Cellular immune responses in peripheral blood lymphocytes of Giardia infected squirrel monkey (Saimiri boliviensis boliviensis) treated with Fenbendazole.
Cellular immune responses were tested to determine the effect of fenbendazole on the function of lymphocytes from Bolivian squirrel monkeys (Samiri boliviensis boliviensis). Giardia-infected squirrel monkeys were treated with commercially available fenbendazole (FBZ)-medicated monkey chow. Immune responses were compared between historical controls (Giardia naïve, untreated with FBZ (control animals)) and Giardia-infected, FBZ-treated squirrel monkeys (study animals). Peripheral blood lymphocytes from study monkeys had significantly lower stimulation indices compared to control animals when cultured in vitro with concanavalin A (Con A) (p<0.0001), phytohaemagglutinin (PHA) (p<0.0001) and lipopolysaccharide (LPS) (p<0.0001). PBMCs were also analyzed for IFN-γ producing cells in response to stimulation with Con A, PHA, PWM, and LPS by the cytokine ELISPOT assay. Significantly higher responses to Con A- (p<0.0001), and PHA- (p<0.001) stimulated cultures from Giardia-infected and fenbendazole treated compared to controls. Flow cytometric analysis for expression of cell surface markers revealed a significant increase in B- and NKT-lymphocytes and significant decrease in CD14+CD16+ monocytes after FBZ treatment. Also, circulating plasma cytokines IFN-γ, TNF-α, IL-12p40, IL-1β, IL-10, IL-13, IL-1ra, IL-6 and IL-4 were significantly decreased after FBZ treatment. Comparison of hematologic parameters between controls and FBZ-treated squirrel monkeys revealed significantly lower numbers of total leukocytes, neutrophils, monocytes, and eosinophils compared to controls. However, erythrocyte indices (red cell count, hemoglobin and hematocrit were significantly higher in FBZ-treated monkeys. Our findings suggest that fenbendazole treatment may alter sensitive immune and molecular measures of inflammation. Postponing the experimental use of squirrel monkeys until at least 6 weeks after FBZ treatment should be considered.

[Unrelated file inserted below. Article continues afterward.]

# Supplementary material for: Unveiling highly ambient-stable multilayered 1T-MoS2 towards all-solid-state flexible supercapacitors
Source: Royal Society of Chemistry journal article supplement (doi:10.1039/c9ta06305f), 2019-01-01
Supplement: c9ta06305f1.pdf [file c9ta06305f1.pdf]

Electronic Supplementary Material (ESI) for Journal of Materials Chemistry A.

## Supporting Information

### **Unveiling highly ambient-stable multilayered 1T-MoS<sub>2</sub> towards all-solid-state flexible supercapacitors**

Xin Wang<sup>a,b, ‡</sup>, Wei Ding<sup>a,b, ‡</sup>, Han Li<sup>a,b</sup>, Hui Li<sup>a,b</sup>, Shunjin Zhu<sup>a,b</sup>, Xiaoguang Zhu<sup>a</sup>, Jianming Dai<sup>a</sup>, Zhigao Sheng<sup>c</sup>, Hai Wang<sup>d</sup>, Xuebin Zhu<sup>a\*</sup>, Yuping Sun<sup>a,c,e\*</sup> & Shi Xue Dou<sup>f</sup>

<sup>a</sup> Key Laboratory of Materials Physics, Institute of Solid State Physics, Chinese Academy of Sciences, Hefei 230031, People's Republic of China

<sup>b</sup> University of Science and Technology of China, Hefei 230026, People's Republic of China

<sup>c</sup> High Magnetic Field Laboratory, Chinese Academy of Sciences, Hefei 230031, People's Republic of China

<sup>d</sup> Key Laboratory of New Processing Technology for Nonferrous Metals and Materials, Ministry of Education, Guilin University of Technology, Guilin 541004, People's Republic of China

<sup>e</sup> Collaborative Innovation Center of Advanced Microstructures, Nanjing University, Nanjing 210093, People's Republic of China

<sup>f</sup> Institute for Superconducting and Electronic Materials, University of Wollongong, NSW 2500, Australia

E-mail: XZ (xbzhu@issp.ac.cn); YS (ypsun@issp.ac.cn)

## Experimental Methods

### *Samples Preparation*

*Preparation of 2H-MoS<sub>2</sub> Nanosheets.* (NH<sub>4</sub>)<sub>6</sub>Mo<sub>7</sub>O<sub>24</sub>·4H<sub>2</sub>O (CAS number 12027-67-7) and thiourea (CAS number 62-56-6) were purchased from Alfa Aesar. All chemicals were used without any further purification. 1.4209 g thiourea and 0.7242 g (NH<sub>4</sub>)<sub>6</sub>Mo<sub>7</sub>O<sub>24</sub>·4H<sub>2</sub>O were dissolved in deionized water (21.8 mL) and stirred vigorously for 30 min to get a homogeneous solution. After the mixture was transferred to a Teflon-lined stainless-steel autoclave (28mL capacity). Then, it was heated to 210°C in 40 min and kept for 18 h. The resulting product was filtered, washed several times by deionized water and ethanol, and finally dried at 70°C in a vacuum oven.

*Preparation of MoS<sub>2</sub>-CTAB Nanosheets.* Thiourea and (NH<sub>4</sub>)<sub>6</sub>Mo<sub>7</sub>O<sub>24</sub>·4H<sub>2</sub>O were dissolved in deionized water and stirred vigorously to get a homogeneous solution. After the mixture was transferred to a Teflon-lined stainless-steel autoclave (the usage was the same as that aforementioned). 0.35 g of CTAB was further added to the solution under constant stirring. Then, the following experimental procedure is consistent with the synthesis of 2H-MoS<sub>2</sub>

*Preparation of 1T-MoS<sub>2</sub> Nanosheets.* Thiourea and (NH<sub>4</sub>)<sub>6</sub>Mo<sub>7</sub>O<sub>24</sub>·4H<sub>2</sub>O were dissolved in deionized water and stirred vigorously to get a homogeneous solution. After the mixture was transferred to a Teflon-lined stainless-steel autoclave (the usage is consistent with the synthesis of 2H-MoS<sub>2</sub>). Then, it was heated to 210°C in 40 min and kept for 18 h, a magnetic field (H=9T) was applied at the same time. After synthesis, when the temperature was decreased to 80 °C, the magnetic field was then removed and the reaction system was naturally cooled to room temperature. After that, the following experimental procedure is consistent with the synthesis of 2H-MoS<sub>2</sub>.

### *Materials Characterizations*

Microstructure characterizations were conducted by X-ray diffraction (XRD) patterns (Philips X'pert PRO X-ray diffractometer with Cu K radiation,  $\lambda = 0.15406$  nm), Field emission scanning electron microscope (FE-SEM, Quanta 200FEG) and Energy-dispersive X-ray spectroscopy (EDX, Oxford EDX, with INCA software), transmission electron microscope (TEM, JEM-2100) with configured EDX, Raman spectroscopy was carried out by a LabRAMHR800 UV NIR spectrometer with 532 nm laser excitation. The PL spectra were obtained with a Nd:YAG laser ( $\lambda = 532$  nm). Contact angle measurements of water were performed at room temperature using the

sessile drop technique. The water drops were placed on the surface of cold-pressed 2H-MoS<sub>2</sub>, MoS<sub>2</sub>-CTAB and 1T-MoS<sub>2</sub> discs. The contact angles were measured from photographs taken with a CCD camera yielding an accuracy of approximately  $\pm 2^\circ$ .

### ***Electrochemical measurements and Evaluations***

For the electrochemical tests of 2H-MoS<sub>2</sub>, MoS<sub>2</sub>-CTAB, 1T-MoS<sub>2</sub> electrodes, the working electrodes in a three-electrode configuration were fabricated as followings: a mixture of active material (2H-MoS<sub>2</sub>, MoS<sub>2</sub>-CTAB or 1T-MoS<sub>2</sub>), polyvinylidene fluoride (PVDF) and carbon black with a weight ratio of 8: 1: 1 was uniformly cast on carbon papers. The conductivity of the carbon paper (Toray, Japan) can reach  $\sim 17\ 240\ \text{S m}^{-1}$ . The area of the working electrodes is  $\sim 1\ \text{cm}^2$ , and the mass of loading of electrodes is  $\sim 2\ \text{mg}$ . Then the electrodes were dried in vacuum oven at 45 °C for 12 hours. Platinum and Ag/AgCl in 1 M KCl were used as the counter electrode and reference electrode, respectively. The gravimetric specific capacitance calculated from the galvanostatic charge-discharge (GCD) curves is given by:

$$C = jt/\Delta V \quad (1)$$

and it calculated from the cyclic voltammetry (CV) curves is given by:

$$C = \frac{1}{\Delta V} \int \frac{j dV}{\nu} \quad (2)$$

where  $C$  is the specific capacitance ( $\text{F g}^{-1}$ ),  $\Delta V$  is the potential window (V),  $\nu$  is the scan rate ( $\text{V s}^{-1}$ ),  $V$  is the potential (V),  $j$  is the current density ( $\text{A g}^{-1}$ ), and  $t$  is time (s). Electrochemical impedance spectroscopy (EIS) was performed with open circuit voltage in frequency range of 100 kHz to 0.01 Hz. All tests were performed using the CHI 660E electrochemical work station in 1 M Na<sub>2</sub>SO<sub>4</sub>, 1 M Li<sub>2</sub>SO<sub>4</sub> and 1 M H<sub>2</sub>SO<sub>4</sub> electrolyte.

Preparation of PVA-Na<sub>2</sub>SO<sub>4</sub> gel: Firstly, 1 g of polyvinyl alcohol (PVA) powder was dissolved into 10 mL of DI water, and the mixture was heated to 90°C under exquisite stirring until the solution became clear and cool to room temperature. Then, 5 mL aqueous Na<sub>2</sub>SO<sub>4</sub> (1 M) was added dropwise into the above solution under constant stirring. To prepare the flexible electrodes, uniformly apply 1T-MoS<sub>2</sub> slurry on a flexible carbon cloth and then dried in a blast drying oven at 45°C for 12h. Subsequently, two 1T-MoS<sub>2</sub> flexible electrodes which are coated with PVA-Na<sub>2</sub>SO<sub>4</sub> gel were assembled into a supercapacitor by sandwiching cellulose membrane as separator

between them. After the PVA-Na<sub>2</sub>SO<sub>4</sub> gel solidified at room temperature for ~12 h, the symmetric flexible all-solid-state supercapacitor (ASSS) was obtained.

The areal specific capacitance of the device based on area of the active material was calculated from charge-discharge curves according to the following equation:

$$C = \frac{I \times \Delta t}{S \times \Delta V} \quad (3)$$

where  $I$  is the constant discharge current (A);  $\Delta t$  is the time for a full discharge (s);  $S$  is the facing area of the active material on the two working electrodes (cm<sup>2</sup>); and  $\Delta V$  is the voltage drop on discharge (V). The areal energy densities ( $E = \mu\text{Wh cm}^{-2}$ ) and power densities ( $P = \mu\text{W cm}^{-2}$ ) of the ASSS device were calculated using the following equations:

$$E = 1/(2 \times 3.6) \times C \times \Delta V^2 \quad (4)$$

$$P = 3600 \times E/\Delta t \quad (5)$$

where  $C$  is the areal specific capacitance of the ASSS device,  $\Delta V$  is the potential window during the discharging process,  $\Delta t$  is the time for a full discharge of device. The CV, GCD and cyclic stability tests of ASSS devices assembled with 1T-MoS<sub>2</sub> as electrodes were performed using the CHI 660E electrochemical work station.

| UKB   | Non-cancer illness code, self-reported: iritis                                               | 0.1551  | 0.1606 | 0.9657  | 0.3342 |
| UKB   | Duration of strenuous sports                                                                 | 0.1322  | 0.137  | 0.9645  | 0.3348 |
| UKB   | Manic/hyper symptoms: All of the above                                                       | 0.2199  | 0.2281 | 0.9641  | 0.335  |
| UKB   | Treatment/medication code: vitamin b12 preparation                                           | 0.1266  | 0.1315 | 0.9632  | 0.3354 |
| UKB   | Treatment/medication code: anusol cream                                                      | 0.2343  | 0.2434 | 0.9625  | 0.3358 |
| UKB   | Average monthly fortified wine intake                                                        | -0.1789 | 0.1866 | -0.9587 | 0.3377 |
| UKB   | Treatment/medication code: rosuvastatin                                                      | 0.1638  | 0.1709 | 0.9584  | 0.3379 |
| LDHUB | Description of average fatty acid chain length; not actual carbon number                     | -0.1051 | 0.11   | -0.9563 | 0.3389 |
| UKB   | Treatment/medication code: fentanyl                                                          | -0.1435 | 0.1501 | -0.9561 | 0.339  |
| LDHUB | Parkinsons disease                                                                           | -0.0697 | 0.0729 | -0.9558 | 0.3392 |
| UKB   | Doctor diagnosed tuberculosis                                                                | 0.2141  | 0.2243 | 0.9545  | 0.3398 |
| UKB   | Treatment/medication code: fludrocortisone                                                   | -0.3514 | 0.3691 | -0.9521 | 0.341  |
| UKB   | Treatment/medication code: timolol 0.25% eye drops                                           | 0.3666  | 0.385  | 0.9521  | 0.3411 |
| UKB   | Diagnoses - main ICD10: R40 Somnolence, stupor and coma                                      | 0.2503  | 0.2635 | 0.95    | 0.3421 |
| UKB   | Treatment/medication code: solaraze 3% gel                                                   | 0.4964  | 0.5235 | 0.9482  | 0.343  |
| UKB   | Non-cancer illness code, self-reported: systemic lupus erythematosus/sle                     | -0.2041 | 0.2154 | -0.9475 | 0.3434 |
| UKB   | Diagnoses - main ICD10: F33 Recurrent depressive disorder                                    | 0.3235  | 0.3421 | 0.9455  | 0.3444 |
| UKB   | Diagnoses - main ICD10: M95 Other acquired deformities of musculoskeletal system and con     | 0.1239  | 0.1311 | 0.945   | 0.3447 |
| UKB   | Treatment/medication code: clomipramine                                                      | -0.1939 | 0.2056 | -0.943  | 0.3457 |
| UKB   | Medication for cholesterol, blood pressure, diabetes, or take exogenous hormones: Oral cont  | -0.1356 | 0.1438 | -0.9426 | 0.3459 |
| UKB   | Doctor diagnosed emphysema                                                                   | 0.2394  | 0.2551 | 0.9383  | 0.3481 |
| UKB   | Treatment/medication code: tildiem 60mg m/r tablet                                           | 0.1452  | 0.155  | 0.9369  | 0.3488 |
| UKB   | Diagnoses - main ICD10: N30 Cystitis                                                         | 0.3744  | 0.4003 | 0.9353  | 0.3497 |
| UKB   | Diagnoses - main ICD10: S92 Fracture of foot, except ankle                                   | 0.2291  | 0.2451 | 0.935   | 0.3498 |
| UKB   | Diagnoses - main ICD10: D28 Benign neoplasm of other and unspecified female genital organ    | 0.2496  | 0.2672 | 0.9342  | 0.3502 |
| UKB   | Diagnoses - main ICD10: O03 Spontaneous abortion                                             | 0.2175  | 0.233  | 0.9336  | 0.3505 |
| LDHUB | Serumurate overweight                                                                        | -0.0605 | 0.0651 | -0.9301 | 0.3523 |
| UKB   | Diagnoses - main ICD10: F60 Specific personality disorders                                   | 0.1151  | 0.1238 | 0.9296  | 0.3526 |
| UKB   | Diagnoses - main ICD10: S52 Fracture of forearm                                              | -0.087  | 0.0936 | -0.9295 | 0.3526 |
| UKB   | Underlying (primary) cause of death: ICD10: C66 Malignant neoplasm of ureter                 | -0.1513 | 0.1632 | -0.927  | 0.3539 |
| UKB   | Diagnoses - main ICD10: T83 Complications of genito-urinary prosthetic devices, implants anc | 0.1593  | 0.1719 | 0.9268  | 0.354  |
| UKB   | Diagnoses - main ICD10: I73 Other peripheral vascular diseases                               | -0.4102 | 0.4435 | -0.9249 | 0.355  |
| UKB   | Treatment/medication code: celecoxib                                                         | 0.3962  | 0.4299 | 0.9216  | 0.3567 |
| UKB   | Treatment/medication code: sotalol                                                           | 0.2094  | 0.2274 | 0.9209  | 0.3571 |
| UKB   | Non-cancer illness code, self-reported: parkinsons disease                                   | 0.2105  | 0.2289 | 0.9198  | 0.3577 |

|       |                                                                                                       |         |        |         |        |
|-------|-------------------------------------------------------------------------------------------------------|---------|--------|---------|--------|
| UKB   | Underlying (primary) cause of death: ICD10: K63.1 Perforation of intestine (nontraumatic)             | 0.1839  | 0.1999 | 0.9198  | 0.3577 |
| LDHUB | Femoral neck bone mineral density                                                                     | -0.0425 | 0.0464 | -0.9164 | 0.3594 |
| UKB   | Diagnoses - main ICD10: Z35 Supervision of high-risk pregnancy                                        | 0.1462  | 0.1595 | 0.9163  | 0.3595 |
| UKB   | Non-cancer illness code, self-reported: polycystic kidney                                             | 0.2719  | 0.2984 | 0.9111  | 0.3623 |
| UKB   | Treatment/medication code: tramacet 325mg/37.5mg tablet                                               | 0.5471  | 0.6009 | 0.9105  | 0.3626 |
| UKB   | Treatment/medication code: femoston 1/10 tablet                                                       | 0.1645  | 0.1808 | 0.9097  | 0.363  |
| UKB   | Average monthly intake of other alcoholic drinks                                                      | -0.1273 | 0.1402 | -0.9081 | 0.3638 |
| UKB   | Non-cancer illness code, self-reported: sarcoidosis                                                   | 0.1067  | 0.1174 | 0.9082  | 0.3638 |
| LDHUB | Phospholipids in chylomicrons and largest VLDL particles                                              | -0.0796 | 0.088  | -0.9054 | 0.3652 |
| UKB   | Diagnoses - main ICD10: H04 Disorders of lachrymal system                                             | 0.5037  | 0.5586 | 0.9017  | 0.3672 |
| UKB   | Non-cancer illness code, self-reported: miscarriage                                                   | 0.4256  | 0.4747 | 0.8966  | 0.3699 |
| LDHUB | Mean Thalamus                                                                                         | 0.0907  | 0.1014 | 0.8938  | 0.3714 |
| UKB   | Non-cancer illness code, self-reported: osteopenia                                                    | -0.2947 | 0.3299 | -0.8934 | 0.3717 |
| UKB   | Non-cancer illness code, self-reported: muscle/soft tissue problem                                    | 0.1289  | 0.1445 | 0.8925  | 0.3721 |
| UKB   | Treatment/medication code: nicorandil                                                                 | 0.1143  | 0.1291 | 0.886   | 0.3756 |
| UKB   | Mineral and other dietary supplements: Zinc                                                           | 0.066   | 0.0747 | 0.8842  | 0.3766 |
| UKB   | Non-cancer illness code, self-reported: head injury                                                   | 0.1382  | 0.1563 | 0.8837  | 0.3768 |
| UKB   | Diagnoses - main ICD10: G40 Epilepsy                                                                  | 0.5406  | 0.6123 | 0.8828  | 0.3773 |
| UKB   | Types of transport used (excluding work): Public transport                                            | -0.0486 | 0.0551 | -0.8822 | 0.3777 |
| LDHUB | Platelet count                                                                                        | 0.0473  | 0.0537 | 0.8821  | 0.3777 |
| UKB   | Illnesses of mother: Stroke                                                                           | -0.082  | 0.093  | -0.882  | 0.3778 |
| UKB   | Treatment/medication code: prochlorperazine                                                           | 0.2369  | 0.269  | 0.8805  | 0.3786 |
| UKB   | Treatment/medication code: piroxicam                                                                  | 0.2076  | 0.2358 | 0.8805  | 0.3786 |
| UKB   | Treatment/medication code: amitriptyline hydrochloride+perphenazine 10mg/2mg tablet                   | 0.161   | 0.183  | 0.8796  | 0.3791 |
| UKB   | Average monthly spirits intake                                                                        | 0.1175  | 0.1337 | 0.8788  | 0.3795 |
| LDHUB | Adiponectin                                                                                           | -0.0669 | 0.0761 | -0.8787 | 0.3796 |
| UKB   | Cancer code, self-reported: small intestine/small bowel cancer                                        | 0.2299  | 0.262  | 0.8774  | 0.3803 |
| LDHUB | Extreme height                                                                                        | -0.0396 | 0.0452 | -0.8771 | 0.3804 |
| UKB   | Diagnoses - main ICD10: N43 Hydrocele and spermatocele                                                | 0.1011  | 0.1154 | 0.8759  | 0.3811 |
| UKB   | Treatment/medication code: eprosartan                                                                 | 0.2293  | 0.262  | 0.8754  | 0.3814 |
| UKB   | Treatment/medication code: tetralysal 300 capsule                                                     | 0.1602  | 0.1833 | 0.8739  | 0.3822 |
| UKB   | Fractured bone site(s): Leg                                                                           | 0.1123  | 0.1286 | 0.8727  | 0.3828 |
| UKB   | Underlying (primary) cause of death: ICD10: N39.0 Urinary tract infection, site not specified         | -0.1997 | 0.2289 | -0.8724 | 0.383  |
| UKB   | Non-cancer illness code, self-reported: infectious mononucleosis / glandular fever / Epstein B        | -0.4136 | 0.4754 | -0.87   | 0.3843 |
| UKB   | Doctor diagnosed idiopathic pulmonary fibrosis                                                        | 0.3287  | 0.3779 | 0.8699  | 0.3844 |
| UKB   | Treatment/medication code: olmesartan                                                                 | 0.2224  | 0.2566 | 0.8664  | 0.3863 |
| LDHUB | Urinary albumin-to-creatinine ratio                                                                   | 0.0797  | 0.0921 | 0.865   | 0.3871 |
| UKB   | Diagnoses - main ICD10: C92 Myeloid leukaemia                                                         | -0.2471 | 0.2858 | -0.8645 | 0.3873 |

|Authors:||Nehete PN, Wilkerson G, Nehete BP, Chitta S, Ruiz JC, Scholtzova H, Williams LE, Abee CR, Vanchiere JA.|
|Journal:||PLoS One. 2018 Nov 9;13(11):e0198497.|
|PubMed:||PMID: 30412580 (Go to PubMed)|